But it is her other written work, her letters, her poems, etc, through which Binodini speaks volumes about herself and which provide more than a passing glimpse into her personality. But never in her memoirs does Binodini talk about her abhimaan ? which reveals her tacit need to be understood and valued.
Perhaps the most significant inspiration for the series came from Bandyopadhyay attempting to understand some things left unexplained by Binodini in her fairly large body of written work. Binodini had requested her mentor and teacher Girish Chandra Ghosh to write the introduction to her first memoir, Aamar Katha. He had done so. But Binodini rejected it, asking him to rewrite it and it was not published along with the first edition of Aamar Katha. But before the second edition came out, Ghosh died, without having written another introduction. Sad and guilty, Binodini made it the introduction to the second edition of Aamar Katha. What surprised Bandyopadhyay after reading Ghosh’s introduction was that it was a positive and supportive one, full of praise for his favourite pupil. And what baffled him was why she had rejected it in the first place.
Of course, Bandyopadhyay speculates: In Aamar Katha Binodini writes about the infamous Star Theatre “betrayal”. She writes frankly about being coaxed by Ghosh and others into living with a wealthy gentleman who was to finance the construction of Star, with the promise that the theatre would be named after her. But on the opening night, Binodini discovered that it was not to be. Bandyopadhyay’s guess is that Binodini expected Ghosh to mention the episode in the introduction and vindicate her name. “There is no other contemporary corroborative evidence of the ‘betrayal’ episode,” Bandyopadhyay explains, “and Binodini may have wanted some affirmation”. But Binodini ? like Pygmalion’s Eliza Dolittle ? never really gets much credit from her patrons and mentors.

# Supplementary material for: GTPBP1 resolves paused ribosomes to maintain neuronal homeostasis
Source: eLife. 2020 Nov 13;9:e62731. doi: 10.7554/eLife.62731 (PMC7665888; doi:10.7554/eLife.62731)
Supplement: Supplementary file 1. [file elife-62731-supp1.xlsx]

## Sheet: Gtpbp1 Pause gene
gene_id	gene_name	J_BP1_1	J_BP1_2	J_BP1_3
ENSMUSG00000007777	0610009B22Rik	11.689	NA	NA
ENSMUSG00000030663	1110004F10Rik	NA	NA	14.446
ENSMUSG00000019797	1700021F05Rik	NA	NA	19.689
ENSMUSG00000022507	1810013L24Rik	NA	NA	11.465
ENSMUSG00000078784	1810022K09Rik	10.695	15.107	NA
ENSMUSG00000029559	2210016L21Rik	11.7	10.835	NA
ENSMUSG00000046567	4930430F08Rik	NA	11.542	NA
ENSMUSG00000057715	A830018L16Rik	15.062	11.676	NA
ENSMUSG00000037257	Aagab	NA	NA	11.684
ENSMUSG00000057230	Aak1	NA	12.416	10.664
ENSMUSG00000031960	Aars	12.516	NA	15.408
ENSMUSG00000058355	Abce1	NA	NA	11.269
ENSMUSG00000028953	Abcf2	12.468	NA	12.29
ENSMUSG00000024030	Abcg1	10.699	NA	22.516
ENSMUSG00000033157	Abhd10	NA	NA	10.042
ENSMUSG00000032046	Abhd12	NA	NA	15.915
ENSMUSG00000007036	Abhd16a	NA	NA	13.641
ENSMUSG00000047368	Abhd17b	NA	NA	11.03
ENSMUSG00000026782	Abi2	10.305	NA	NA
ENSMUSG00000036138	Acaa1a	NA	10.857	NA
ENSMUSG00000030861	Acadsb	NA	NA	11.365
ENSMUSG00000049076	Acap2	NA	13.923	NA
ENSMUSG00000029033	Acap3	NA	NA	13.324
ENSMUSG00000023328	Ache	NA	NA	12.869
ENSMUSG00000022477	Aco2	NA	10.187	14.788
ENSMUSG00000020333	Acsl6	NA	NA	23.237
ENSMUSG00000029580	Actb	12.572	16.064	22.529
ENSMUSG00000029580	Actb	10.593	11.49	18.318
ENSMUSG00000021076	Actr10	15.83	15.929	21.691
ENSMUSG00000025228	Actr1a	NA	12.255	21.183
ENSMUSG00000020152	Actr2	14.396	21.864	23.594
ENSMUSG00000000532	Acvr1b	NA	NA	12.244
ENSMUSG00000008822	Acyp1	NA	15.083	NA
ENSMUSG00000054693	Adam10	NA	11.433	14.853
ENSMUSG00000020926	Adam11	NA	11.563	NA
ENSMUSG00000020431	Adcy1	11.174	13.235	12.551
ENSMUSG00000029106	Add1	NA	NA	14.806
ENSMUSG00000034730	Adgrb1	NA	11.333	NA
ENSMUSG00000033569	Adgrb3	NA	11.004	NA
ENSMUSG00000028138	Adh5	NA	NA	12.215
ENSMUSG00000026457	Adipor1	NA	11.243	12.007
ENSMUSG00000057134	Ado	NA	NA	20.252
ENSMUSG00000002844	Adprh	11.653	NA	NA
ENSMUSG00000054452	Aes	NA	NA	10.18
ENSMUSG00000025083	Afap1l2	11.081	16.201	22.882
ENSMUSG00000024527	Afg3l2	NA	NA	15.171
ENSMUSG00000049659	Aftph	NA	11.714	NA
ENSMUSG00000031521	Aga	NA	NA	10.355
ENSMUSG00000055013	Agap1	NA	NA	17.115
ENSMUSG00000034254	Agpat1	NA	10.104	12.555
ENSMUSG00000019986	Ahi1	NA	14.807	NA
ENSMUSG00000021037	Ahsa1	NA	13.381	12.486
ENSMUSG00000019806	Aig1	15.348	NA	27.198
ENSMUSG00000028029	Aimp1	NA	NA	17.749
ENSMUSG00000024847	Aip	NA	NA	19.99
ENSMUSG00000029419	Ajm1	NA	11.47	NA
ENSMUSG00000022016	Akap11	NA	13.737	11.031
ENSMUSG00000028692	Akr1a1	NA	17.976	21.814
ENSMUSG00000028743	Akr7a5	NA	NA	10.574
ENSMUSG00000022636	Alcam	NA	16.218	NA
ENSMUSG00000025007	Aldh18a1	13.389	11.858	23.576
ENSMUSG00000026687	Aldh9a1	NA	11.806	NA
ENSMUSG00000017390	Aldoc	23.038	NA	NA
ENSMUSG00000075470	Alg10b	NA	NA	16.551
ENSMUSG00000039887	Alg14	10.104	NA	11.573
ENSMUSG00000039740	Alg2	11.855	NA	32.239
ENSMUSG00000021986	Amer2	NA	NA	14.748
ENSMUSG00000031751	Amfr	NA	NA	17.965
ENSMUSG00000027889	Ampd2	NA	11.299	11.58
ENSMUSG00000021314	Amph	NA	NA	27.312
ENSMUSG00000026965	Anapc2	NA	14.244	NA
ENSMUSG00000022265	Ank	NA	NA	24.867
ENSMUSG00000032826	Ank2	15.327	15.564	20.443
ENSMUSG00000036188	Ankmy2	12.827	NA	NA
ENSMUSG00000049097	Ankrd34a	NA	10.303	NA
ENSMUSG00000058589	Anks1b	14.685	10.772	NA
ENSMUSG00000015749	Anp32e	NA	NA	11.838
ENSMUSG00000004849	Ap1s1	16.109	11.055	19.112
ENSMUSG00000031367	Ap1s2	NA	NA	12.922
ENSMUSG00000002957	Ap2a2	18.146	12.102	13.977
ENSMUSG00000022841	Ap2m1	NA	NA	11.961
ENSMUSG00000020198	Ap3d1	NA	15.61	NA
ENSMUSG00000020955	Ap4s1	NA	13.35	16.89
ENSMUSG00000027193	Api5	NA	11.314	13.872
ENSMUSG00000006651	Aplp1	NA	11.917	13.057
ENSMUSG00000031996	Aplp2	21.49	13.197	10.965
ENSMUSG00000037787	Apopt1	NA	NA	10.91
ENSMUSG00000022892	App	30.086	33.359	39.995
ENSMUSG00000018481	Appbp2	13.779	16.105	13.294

Yet in the literature of that period, there is some reference to the magnitude of Binodini’s contribution - and not just to acting. The poem, Amrito-Modira, by Amrito Lal Bose, throws light on Binodini’s role in helping Ghosh and others to interpret characters. It spells out how Binodini spontaneously enacted scenes during play-reading sessions in her house. He writes, “Kokhono chhadeytey boshey ekaki biroley/mala tuli dei ‘Julie’ Romeo-r gawley (Often she sits on a terrace alone/and as Juliet, garlands her Romeo).”
It is such surrounding material, but mostly their own written work composed during unguarded moments, that reveal their true selves. This is the premise on which Thema’s series is based. Bandyopadhyay also points out that perhaps more than any other group or profession, it is important to try and trace the true voice of actresses. That’s because by virtue of their profession, their own voices often get submerged in the voices of the many characters they portray.
At the moment, Bandyopadhyay is in the process of compiling the fifth book in the series on Ketaki Dutta’s written work. Deviating slightly from the ‘written-work only’ mode, Bandyopadhyay has conducted 10 formal interviews which will be included in the book. But otherwise, the process of collection, especially of unpublished work, has often led him to the doorsteps of family, friends and relatives who dug up rare manuscripts and letters from old chests and trunks.
Bandyopadhyay does not know which leading lady will feature in the series next. But one thing is certain ? the series will continue to stitch together snatches of written or spoken conversation to delve into the inner voices of these women. And if one listens carefully, one may solve the mystery of those stifled whispers.